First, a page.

If you’re an open-minded acoustic music fan, check out these new releases from top pickers taking unconventional routes.
Love Canon: Cover Story (featured)
Cover bands are easy to initially dismiss, but Love Canon is definitely an outfit that deserves your ears. The Virginia-based quintet consists of first-class pickers that play inventive acoustic takes on popular (mostly) 80s tunes. Resonator guitar player Jay Starling is the son of the Seldom Scene’s John Starling, and a couple of the other members, including soulful lead vocalist Jesse Harper, were part of unfortunately defunct Old School Freight Train, a band that temporarily backed and recorded with David Grisman.
The group’s latest album, Cover Story, is a guest-filled ride through familiar old favorites, interpreted not as party reboots but as thoughtful reimaginations. Songs from an era known for indulgent electric sheen get broken down and rebuilt with serious bluegrass chops. There are obscure, once-popular FM radio gems that are instantly recognizable: Howard Jones’ “Things Can Only Get Better” and Mr. Mister’s “Kyrie Eleison.” In Love Canon’s hands, the latter, once a synth-heavy anthem, becomes a pastoral country cruiser, enhanced by an appearance from Grammy-winning dobro master Jerry Douglas. The greater transformations are even more interesting. A take on Billy Joel’s “Prelude (Angry Young Man)” turns a frantic piano jam into a jazz-grass workout, and Depeche Mode’s “Enjoy the Silence” becomes a gentle chamber ballad with dramatically arranged classical strings.
Throughout the record, the band dips into its deep rolodex of musical friends, tapping quirky troubadour Keller Williams to sing lead on R.E.M.’s “Driver 8,” which features blazing solos and an extended reggae breakdown. Ace fiddler Michael Cleveland and singer Aoife O’Donovan also show up for one of the album’s best tracks, a mountain-hop version of Paul Simon’s “Graceland.” Bluegrass has always been about passing songs down the line and sharing them with friends; Love Canon is toying with that tradition in a good way.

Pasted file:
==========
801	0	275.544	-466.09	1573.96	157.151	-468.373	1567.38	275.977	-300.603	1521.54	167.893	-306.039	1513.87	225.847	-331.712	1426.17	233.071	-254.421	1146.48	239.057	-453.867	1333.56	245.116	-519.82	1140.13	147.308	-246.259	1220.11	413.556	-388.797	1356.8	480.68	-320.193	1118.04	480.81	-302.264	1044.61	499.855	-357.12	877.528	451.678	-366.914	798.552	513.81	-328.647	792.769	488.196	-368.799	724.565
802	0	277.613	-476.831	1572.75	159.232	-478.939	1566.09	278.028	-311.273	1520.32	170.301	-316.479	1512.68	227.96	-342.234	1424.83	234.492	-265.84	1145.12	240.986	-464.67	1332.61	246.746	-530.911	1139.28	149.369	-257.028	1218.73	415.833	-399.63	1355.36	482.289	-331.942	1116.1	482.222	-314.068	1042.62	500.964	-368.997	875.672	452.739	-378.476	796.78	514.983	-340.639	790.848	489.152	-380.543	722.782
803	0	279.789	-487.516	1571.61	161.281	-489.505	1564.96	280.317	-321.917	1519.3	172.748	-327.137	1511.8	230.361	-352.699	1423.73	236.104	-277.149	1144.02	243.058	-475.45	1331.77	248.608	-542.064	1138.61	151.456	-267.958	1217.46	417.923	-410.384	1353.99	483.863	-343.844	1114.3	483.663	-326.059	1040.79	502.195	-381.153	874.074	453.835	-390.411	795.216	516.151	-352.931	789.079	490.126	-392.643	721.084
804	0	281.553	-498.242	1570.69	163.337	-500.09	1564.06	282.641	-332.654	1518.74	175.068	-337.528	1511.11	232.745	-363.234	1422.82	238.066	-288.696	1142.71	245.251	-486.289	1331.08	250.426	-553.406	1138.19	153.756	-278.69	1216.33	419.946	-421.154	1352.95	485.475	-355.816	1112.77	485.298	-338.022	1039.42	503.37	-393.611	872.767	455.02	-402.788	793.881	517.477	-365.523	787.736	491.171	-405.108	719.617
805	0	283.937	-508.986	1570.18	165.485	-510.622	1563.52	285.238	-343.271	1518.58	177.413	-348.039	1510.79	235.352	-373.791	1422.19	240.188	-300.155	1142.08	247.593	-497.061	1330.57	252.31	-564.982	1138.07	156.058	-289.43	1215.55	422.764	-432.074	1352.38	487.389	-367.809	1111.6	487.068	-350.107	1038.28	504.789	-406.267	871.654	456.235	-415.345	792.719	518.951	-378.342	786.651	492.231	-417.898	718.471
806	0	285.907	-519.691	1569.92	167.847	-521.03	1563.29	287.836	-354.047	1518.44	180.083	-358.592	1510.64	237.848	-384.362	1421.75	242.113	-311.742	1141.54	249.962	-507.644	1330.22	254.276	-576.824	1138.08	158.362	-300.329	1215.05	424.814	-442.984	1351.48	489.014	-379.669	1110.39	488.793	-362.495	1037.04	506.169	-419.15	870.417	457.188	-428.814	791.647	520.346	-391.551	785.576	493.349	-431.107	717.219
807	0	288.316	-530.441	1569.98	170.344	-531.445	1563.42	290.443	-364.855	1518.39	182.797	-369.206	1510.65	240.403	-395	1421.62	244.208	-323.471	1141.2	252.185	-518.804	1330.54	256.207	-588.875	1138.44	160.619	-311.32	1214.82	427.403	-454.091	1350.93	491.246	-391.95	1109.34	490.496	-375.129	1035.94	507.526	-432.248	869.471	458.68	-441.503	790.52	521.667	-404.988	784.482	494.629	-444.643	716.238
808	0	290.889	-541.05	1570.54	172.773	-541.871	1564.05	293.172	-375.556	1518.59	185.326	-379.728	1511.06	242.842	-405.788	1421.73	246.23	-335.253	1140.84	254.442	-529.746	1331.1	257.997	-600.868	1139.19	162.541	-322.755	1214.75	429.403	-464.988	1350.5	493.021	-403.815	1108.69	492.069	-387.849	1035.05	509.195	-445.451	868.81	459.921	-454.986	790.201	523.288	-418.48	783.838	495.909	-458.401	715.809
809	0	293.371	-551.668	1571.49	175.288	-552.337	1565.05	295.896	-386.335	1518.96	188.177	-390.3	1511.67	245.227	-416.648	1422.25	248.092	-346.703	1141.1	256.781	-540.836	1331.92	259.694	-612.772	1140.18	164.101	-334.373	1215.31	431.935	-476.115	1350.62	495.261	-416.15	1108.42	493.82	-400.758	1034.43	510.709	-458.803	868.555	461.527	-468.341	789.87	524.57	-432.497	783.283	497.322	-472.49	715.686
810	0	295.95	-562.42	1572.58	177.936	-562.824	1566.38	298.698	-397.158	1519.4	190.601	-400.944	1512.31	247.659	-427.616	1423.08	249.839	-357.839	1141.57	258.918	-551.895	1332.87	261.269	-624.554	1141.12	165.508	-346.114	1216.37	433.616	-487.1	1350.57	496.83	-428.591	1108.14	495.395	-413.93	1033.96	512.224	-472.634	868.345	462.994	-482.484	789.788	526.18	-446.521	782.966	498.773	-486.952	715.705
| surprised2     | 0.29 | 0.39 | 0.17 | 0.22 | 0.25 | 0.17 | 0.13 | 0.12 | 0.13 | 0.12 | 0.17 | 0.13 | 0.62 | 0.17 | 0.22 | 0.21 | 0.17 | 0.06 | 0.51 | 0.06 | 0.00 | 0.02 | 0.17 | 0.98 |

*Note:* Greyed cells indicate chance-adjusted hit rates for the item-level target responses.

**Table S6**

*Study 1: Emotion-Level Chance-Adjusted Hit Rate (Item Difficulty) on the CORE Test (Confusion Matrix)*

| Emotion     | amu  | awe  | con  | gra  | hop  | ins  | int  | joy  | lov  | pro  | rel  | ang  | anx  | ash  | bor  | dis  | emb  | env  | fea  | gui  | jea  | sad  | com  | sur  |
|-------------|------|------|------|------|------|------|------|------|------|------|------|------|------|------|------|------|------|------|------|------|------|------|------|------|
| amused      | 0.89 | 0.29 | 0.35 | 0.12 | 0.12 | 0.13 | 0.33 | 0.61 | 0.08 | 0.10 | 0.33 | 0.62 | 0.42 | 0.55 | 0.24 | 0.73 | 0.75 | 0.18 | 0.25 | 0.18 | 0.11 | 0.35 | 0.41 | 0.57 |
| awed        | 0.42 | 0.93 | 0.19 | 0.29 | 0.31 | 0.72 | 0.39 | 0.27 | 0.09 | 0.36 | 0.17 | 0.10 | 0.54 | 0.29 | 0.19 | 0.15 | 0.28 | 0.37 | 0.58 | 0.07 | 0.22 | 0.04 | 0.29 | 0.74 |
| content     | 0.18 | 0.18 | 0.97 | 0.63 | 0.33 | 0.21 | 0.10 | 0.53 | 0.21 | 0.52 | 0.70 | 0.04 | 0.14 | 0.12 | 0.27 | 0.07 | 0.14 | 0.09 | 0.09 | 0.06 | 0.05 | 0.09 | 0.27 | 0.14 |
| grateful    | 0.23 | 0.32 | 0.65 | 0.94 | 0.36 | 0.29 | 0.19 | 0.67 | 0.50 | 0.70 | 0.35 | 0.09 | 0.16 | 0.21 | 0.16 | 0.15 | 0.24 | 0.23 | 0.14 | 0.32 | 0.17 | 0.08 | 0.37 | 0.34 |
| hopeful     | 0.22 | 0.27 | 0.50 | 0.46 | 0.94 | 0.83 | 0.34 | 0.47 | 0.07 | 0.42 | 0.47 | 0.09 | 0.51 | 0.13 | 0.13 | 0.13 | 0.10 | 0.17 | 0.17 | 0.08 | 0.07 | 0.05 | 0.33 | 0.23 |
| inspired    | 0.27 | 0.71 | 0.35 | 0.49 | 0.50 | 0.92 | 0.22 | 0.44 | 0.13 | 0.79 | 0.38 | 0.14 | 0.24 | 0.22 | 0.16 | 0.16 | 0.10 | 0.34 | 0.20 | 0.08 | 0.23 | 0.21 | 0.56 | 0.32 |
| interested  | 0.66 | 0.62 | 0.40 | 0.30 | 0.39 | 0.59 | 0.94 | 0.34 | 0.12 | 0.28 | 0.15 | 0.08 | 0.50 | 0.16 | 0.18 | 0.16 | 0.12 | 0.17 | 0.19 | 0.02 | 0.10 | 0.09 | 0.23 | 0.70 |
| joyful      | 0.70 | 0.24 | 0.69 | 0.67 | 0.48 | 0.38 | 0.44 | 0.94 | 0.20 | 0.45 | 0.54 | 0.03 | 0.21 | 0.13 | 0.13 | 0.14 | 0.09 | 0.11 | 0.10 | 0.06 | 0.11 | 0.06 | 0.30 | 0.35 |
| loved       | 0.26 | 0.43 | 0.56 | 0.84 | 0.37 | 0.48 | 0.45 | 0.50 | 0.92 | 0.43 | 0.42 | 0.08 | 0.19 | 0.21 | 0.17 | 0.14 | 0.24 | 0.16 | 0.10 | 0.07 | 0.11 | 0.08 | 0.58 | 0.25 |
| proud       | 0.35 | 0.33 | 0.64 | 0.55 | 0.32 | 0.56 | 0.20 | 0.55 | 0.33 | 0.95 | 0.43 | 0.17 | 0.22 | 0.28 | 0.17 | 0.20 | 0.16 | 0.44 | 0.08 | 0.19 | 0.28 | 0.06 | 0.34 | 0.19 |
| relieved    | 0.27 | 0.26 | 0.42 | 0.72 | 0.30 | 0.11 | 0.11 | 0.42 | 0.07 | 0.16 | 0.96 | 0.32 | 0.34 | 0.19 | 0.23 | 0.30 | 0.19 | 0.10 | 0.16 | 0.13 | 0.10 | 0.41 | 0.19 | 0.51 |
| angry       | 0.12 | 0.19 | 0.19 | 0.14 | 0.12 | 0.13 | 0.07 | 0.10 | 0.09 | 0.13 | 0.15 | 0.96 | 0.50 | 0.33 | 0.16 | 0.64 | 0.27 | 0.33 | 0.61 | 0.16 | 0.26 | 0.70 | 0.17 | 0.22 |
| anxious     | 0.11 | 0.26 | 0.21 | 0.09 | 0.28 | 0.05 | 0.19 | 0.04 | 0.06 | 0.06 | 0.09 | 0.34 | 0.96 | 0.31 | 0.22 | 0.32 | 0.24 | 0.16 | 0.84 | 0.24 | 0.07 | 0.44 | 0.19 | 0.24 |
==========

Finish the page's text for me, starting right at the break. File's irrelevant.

Performing at Soulshine Farm Music Festival in Green Mountain, N.C. (August 10), the Lime Kiln Theater in Lexington, Va. (September 22), and Devils Backbone Hoopla in Roseland, Va. (September 30).
Trampled by Turtles: Life is Good on the Open Road
Coming out of its shell after a recent extended hiatus, Trampled by Turtles is back with its first studio album in four years. While armed with acoustic instruments, the six members of this crew are more about string pounding than picking, eschewing flashy solos for a hard-charging collectiveness that blends a front-porch aesthetic with punk fury. This rowdy edge, a favored element of the sextet’s energetic live shows, is alive and well on Life is Good on the Open Road.
“Blood in the Water,” a backwoods head-banger, finds the cross section between Bill Monroe and Black Flag. Another chugging foot-stomper, the lively, fiddle-led “Kelly’s Bar,” offers cautionary advice about blurry youthful nights.
The full-force fist-pumpers are fun, but the band also has a reflective folk side. When navigating more gentle country terrain, primary singer and songwriter Dave Simonett exhibits a knack for crafting catchy hooks and sings with an earnest ache about solitude (“We All Get Lonely”) and taking disappointment in stride (“I Went to Hollywood”). On the title track he shares, “The light inside you comes and goes, but it never really goes out.” After 15 years on the highway together, this band has more miles to cover.
Performing at UnionBank Pavilion in Portsmouth, Va. (August 17), the Hot August Music Festival in Cockeysville, Md. (August 18), and the Buckhead Theatre in Atlanta (September 20).
Town Mountain: New Freedom Blues
A new set of songs is also on the horizon from Town Mountain, the International Bluegrass Music Association Award-winning band from Asheville, N.C. In years past the band has been a steadfast practitioner of the high lonesome sound, and purists shouldn’t fret, because on New Freedom Blues, which will be released on October 5, much of that reverence is still intact. The band confidently delivers hard-driving straightforward bluegrass tunes, like “Tar Heal,” a fleet-fingered instrumental, and “Underdog,” which would sound right at home in a Del McCoury set. But the group has also decided to extend its roots-music reach. A swinging drum beat paces the honky-tonk shuffle “One Drop in the Bottle,” and on album closer “Down Low” special guest Tyler Childers shows up to trade verses with banjo player Jesse Langlais on a dark outlaw anthem about overindulgence that includes dirty electric guitar runs to set the mood.
Performing at Soulshine Farm Music Festival in Green Mountain, N.C. (August 11), Headliners Music Hall in Louisville, Ky. (August 16-17), Cataloochee Ranch in Maggie Valley, N.C. (August 19), and the Capital Ale House in Richmond, Va. (August 31).